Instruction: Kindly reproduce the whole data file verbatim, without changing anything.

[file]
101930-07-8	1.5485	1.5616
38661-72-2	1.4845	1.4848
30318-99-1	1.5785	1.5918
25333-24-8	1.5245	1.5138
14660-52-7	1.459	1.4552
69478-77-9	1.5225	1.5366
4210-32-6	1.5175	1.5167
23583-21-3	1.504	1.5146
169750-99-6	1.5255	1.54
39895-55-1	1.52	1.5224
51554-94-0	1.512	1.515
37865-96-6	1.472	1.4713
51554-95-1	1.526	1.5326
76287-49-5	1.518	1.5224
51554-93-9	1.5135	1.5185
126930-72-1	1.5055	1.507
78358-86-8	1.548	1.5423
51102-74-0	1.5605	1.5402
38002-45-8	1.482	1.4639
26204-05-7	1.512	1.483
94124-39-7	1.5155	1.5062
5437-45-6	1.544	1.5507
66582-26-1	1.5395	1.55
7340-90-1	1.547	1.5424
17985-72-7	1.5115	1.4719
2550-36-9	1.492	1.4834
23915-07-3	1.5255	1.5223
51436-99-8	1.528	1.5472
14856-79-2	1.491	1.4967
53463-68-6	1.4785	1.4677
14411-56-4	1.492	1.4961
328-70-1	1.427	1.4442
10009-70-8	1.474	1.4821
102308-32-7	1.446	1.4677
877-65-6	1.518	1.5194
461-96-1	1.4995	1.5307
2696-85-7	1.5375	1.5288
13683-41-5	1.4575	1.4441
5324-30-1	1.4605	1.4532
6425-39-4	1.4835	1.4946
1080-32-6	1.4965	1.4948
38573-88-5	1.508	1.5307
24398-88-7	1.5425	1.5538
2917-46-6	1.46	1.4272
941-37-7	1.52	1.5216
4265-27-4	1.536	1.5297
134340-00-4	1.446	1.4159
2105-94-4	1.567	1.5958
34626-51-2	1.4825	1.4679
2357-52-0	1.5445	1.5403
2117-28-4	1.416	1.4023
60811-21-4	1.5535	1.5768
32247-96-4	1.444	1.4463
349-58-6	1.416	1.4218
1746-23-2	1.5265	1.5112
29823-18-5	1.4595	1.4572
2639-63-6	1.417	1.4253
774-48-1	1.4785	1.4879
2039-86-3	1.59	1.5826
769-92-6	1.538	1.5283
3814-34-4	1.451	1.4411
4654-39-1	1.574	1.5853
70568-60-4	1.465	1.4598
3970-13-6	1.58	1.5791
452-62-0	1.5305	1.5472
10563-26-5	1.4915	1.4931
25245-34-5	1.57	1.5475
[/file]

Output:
101930-07-8	1.5485	1.5616
38661-72-2	1.4845	1.4848
30318-99-1	1.5785	1.5918
25333-24-8	1.5245	1.5138
14660-52-7	1.459	1.4552
69478-77-9	1.5225	1.5366
4210-32-6	1.5175	1.5167
23583-21-3	1.504	1.5146
169750-99-6	1.5255	1.54
39895-55-1	1.52	1.5224
51554-94-0	1.512	1.515
37865-96-6	1.472	1.4713
51554-95-1	1.526	1.5326
76287-49-5	1.518	1.5224
51554-93-9	1.5135	1.5185
126930-72-1	1.5055	1.507
78358-86-8	1.548	1.5423
51102-74-0	1.5605	1.5402
38002-45-8	1.482	1.4639
26204-05-7	1.512	1.483
94124-39-7	1.5155	1.5062
5437-45-6	1.544	1.5507
66582-26-1	1.5395	1.55
7340-90-1	1.547	1.5424
17985-72-7	1.5115	1.4719
2550-36-9	1.492	1.4834
23915-07-3	1.5255	1.5223
51436-99-8	1.528	1.5472
14856-79-2	1.491	1.4967
53463-68-6	1.4785	1.4677
14411-56-4	1.492	1.4961
328-70-1	1.427	1.4442
10009-70-8	1.474	1.4821
102308-32-7	1.446	1.4677
877-65-6	1.518	1.5194
461-96-1	1.4995	1.5307
2696-85-7	1.5375	1.5288
13683-41-5	1.4575	1.4441
5324-30-1	1.4605	1.4532
6425-39-4	1.4835	1.4946
1080-32-6	1.4965	1.4948
38573-88-5	1.508	1.5307
24398-88-7	1.5425	1.5538
2917-46-6	1.46	1.4272
941-37-7	1.52	1.5216
4265-27-4	1.536	1.5297
134340-00-4	1.446	1.4159
2105-94-4	1.567	1.5958
34626-51-2	1.4825	1.4679
2357-52-0	1.5445	1.5403
2117-28-4	1.416	1.4023
60811-21-4	1.5535	1.5768
32247-96-4	1.444	1.4463
349-58-6	1.416	1.4218
1746-23-2	1.5265	1.5112
29823-18-5	1.4595	1.4572
2639-63-6	1.417	1.4253
774-48-1	1.4785	1.4879
2039-86-3	1.59	1.5826
769-92-6	1.538	1.5283
3814-34-4	1.451	1.4411
4654-39-1	1.574	1.5853
70568-60-4	1.465	1.4598
3970-13-6	1.58	1.5791
452-62-0	1.5305	1.5472
10563-26-5	1.4915	1.4931
25245-34-5	1.57	1.5475